Want to make 2016 the year you make a splash with your photos? Geoff offers six top tips to get you started.
The journey to becoming a ‘name’ photographer has always been a tough slog, and it’s gotten even harder in our image-saturated age. The smartphone revolution has totally transformed the photographic landscape, and everyone is – or thinks they are – a photographer.
Stock rates have fallen, editorial commissions from books and magazines have withered away, and there’s more competition than ever. So what can the hungry photographer do to stand out from the crowd?
1. Do interesting work
This may sound obvious, but it’s never been more true. To get your work noticed, it needs to capture people’s attention. Whether it’s through subject matter or execution, images these days need to have that extra wow factor to stand out. If you’re not sure whether your work is interesting or eye-catching enough, get objective feedback on it.
There are lots of forums online where you could start. Alternatively, join a camera club or national society such as the Royal Photographic Society or Society of Wedding and Portrait Photographers. As well as enabling you to get Distinctions (the societies’ official recognitions of photographic achievement), these organisations hold regular exhibitions, which can be another good way to get your work noticed.
2. Develop a unique selling point
Related to the above, you need to really think about what is different and unique about your images. Admittedly, it can be hard to find something that has never been photographed before in 2016, so maybe it’s about approaching it in a different way. Don’t be afraid to break the rules and be bold and take risks.
Or, maybe there’s a story behind the equipment you are using? There’s a lot of interest at the moment in old-school techniques such as the wet-plate collodion process. If that sounds a bit extreme, try dusting off some of your old film cameras and reviving some unusual analogue techniques.
3. Join lots of groups
Another great tip is to join as many online communities you can think of that are related to your work and genre. The more active you are online, and the more you publicise your work, the more it is likely to get noticed.
Don’t forget obvious options like Flickr and 500px.com. When I was editing Digital Camera magazine, the art editor would frequently look on these communities for possible cover images, so they are well worth joining. Getting a magazine cover will obviously be a major feather in your cap.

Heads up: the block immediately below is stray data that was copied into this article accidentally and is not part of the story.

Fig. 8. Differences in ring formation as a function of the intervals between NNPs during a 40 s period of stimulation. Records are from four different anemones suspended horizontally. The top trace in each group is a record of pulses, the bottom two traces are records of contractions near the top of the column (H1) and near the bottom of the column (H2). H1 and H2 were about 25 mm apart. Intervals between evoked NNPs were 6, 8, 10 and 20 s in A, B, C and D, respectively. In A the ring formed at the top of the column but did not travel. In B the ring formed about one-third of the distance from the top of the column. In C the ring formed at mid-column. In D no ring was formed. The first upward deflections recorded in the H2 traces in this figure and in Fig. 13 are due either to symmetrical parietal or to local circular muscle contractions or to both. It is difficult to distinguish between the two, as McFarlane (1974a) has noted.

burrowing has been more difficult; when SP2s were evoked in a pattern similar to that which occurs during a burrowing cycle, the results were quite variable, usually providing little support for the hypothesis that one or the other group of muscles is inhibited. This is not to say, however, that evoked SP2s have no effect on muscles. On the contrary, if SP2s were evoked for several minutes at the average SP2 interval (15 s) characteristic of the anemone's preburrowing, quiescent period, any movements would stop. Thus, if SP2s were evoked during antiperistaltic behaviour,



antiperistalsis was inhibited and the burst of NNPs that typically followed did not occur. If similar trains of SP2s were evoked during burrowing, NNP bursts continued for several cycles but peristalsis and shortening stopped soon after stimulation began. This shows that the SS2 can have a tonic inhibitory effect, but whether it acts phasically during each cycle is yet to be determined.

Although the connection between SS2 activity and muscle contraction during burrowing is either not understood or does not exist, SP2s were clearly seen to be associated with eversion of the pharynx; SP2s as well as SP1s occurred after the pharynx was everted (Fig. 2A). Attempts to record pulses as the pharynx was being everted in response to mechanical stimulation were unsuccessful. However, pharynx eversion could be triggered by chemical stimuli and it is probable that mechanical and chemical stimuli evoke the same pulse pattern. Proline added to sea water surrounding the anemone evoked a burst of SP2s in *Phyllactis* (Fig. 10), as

4. Enter competitions
There are more photography competitions than ever before, as a lot of groups and organisations, from the RSPB to the Royal College of Nursing, have realised it’s a good way to engage with the public, get their message out there, and attract publicity.
Winning a prize gives you a great excuse to contact photography magazines and leading blogs to publicise your victory, but don’t just send them a perfunctory email saying ‘hey look I’ve won this.’ Think about some human interest angles that might get them interested. Did you have to overcome any particular difficulties to get the image? Is there something unusual or interesting about you as a photographer, or the subject? Think PR, PR, PR and you won’t go too far wrong.
5. Raise your odds of winning competitions
While there are no guarantees you will win, you can take some practical steps to skew the odds in your favour. Remember that the judges will be looking at thousands of entries as thumbnails to begin with, so think about entering images with strong, clean graphic shapes that will get noticed, whether they are in colour or black and white.
Though competitions vary in style, your images will almost certainly need to be technically competent, so get a knowledgeable friend to check for signs of noise, excessive sharpening and softness.
Don’t obsess too much about technical perfection though, as overall impact is also really important. Make sure you read the rules before entering so you don’t get disqualified over a silly thing, and don’t over-process. Luridly saturated, cartoon-like images are unlikely to make the cut.
6. Get on Instagram
It’s easy to dismiss Instagram as a way for your teenage daughter to share ‘goofy’ photos, but if you do, you are making a big mistake.
Instagram is the most avowedly photographic form of social media, and the company has recently relaxed the rules so you can post images in a variety of formats, not just square. This greatly expands the possibilities for marketing your work, and it’s become easier to upload video taken with non-Instagram software, too.
To make the most of Instagram you need to be uploading your best work regularly – at least weekly, preferably more – and make sure there are plenty of tags, captions and descriptions so people can learn more about your work and approach.
Make sure your contact details are updated and visible too, should anybody want to get in touch. The same goes for having a visible website, that can be easily traced by Google. Again, going back to my days as an editor, there were times we wanted to get in touch with a photographer to buy an image but simply couldn’t track them down. Madness!
Do you agree with Geoff? Tell us what you think in the Comments section below.
About the Author
Geoff is an experienced photography journalist and recently stepped down as editor of Digital Camera, the UK’s best-selling photography magazine. He now writes for a range of publications. Geoff is a keen travel and portrait photographer, and a Licentiate of the Royal Photographic Society.